(interleave (map (comp keyword name) xs) xs)))

Now in your .cljs files, or at the REPL, you need to use require-macros such as:

(require-macros '[foo :refer [nmap]])

And now if you try it it will work:

cljs.user=> (let [a 1 b 2 c 3] (nmap a b c))
{:c 3, :b 2, :a 1}

This article has a bit of a hacky workaround that you can use to declare macros in a self hosted Clojurescript REPL, which can be useful when iterating on writing a macro:


great info, thanx for sharing!

Thank you very much ! I would like to give you more likes !

That information is very valuable. Right now I’m using shadow-cljs to compile my code, so I don’t care about not being able to declare macros on cljs.


PS: If I want to propose something like this getting into the core of cljs, where should I go ? I really think that cljs needs to have all the functionalities ES6 has to be appealing.

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You could try bringing things up on the ClojureScript mailing test, but just to warn you, I wouldn’t get my hopes up too much.

It is very unlikely that ClojureScript will add this unless Clojure adds it first, and it is very unlikely that Clojure will add this because Clojure is deliberately conservative in what it adds at this point.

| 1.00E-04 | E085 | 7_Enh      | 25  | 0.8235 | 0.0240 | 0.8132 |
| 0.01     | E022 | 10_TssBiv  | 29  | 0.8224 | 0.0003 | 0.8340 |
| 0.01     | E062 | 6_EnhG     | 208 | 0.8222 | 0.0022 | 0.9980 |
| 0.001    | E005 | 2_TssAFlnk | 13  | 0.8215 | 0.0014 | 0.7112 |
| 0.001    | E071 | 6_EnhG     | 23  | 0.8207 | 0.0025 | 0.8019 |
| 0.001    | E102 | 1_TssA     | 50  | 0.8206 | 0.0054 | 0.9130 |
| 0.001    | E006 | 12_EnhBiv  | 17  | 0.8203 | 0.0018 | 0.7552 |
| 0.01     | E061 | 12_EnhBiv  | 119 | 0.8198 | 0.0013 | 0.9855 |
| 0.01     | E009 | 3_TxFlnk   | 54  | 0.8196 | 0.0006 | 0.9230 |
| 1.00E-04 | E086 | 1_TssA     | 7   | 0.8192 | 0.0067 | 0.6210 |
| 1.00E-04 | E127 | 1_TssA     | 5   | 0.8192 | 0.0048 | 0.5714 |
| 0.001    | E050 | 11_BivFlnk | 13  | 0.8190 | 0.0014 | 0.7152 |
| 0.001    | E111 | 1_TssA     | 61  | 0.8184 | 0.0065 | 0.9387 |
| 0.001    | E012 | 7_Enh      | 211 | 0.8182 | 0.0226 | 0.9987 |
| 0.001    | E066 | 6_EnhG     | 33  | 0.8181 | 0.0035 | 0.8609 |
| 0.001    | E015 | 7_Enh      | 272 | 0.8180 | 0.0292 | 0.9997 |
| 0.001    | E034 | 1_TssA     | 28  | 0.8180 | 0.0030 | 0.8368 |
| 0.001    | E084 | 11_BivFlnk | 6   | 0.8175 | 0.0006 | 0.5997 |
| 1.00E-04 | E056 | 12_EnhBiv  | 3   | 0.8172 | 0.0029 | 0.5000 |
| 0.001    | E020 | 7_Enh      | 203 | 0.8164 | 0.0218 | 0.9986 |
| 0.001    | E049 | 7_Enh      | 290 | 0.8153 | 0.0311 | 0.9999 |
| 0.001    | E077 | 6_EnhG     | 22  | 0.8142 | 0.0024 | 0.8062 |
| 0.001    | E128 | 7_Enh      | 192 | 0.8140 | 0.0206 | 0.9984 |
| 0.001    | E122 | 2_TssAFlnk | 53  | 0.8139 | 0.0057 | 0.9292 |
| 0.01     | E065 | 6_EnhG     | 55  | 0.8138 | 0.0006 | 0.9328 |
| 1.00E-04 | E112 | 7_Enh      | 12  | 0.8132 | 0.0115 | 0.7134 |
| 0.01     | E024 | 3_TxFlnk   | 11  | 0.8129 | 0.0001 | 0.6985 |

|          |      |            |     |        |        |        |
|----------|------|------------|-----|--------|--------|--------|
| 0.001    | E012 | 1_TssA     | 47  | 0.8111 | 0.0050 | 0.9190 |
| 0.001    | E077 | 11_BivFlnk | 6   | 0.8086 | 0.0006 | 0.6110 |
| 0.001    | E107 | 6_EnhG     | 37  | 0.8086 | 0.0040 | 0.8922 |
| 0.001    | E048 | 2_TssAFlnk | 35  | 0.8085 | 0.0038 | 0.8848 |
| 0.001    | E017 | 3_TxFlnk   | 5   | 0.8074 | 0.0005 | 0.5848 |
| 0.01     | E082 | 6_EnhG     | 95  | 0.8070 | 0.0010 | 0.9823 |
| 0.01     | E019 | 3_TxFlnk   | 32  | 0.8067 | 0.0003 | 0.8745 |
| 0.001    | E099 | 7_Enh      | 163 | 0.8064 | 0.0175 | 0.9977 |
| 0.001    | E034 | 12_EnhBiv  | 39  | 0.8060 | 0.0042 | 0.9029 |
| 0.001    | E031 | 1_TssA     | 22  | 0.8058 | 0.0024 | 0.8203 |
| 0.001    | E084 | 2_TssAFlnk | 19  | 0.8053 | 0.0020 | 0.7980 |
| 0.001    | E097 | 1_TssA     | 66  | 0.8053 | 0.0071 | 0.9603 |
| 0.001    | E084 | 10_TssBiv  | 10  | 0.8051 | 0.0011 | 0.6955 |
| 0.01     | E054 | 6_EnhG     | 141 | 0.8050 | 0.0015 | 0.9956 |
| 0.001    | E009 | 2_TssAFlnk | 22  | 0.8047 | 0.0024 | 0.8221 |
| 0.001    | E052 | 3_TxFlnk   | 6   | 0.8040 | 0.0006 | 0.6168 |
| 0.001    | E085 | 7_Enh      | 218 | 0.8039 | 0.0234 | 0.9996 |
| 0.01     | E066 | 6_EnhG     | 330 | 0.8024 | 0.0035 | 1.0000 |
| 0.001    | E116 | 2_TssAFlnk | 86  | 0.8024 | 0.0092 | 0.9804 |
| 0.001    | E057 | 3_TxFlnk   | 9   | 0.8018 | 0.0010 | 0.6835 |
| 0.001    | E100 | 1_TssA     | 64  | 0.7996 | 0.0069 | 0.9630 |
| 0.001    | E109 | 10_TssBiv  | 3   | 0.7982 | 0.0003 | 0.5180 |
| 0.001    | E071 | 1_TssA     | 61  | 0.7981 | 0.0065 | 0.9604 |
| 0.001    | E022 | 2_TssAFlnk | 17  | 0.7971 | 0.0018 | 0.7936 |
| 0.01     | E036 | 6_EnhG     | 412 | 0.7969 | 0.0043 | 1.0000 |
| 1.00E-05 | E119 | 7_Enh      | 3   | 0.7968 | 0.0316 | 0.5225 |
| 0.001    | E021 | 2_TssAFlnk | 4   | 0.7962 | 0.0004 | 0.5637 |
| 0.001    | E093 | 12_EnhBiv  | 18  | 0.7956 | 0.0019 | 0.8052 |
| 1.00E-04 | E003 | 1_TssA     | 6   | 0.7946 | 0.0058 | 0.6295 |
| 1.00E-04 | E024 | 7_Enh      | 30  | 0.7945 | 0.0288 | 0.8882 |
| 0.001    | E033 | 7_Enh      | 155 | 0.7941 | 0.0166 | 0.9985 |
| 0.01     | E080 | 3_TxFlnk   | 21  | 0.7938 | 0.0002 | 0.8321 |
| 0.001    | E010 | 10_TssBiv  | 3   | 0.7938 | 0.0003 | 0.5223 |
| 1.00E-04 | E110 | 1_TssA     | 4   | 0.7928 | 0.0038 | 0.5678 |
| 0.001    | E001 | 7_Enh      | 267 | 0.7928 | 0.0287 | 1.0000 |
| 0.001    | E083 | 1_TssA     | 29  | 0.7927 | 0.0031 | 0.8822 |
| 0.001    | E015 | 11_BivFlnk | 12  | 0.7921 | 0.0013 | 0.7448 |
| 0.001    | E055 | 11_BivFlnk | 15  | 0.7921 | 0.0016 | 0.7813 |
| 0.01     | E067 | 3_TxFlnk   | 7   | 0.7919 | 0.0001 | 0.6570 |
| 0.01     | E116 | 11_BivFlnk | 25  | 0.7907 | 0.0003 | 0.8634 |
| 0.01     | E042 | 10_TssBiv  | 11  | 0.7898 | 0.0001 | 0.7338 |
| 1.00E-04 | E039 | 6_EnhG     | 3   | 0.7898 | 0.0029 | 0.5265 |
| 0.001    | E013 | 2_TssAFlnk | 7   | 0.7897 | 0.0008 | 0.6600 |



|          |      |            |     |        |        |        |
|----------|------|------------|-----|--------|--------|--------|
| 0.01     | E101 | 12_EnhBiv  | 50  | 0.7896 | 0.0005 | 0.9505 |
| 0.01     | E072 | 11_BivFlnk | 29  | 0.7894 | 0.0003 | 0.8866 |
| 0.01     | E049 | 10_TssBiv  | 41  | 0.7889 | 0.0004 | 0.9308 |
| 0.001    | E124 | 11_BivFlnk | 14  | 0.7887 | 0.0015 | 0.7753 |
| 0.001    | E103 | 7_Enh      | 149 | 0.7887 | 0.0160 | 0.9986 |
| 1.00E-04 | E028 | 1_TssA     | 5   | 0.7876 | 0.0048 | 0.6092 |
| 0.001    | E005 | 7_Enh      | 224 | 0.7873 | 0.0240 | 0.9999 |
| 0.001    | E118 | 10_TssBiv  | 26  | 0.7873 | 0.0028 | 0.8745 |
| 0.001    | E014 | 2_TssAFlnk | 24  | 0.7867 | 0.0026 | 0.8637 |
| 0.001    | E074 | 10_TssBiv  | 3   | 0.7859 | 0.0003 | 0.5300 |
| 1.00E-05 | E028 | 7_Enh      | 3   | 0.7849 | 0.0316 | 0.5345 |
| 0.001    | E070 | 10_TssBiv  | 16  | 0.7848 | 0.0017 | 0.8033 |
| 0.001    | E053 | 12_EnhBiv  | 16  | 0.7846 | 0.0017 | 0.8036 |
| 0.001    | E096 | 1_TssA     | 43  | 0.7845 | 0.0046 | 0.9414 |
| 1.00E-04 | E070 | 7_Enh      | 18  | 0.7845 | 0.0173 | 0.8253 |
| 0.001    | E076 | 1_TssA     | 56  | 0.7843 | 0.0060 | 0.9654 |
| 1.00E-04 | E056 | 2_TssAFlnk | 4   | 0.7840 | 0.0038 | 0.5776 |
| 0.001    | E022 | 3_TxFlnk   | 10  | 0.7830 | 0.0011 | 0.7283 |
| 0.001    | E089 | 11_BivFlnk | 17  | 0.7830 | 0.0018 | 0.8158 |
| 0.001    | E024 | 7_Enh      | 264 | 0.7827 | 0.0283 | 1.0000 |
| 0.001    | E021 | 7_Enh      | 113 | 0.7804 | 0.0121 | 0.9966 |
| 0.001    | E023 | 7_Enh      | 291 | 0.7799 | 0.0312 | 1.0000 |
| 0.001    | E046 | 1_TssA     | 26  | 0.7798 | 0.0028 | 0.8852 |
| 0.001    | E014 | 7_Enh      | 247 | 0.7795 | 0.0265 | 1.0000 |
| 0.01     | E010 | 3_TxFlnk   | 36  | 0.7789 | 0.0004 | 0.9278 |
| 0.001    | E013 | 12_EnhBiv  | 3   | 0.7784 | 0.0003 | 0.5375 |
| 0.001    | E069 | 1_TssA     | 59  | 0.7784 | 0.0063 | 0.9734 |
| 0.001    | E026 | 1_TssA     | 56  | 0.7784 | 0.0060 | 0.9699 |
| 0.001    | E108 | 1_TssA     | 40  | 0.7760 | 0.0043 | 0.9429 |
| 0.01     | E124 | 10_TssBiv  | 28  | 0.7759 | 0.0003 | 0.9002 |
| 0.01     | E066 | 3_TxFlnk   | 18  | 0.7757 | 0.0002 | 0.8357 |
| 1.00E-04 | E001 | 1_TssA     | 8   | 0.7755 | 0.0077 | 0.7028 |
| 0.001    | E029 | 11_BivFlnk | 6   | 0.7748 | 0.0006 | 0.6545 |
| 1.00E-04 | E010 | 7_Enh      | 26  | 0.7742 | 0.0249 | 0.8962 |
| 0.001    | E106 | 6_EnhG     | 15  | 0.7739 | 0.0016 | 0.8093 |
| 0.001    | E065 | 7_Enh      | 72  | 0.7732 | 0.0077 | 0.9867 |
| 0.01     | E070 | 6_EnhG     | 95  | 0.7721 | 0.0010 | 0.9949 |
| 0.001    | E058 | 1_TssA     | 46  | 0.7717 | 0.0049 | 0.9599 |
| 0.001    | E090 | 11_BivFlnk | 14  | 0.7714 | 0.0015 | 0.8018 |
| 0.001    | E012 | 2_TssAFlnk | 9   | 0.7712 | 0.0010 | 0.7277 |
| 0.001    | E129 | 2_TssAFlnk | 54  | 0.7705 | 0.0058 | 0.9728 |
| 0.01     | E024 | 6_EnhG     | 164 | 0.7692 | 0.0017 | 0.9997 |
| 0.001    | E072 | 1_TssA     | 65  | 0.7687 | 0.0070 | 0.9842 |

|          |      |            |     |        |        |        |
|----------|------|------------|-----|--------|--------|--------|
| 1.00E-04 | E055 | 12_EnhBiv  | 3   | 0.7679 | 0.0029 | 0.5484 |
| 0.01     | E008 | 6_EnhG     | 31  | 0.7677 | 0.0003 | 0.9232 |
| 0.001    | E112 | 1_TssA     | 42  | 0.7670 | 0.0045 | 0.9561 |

You are of course welcome to bring it up anyway, maybe some very interesting discussion will result, but my guess is that you will most likely be told to provide these conveniences as a library instead, which is what I would also recommend.


I think the fact that you can provide this functionality in 3 lines of code means that it will never be added in Clojure…


And just because ES6 has a feature, doesn’t mean that it’s a good feature – nor that it would be a desirable feature for Clojure(Script). Languages are different for a reason. A feature in Language X might make no sense at in Language Y.


You’re just saying that it may not be desirable. Do you have any concrete opinion about it?

Unlike js, clojure hash-maps map any value to any value and all the clojure.core map constructors allow the creation of maps mapping any value to any value. It would be pretty inconsistent to have an nmap that requires not only symbol keys but only vars that point to a value. This seems to conflate symbols and vars, things which clojure.core tries to keep a distinction between.

I could go on but I think this introduces a ton of inconsistencies for almost no gain (it’s not really obvious where this syntactic sugar will ever even save any keystrokes!).

I don’t mean to be harsh but I think this functionality not only doesn’t belong in clojure.core, but I think this nmap is non-idiomatic clojure code and I’m having a hard time imagining where it would make sense to ever have in any clojure code.

I think it may be that this sugar is justifiable in JS due to the ways objects are commonly used there, but I think you’ll find that once you get feel for the idioms of clojure you’ll never want this.



I’ll trust you guys about this one and I’ll try to advance in Clojure without this functionality.
However if I find myself writing tons of :username username lines I’ll report it back :smile:

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My concrete opinion is: that ES6 feature is terrible, as it overloads the literal syntax for two completely different things. I agree with @jjttjj and his response is exactly the sort of thing I’d expect from most seasoned Clojure devs and, esp. from the Clojure/core team, about this sort of feature.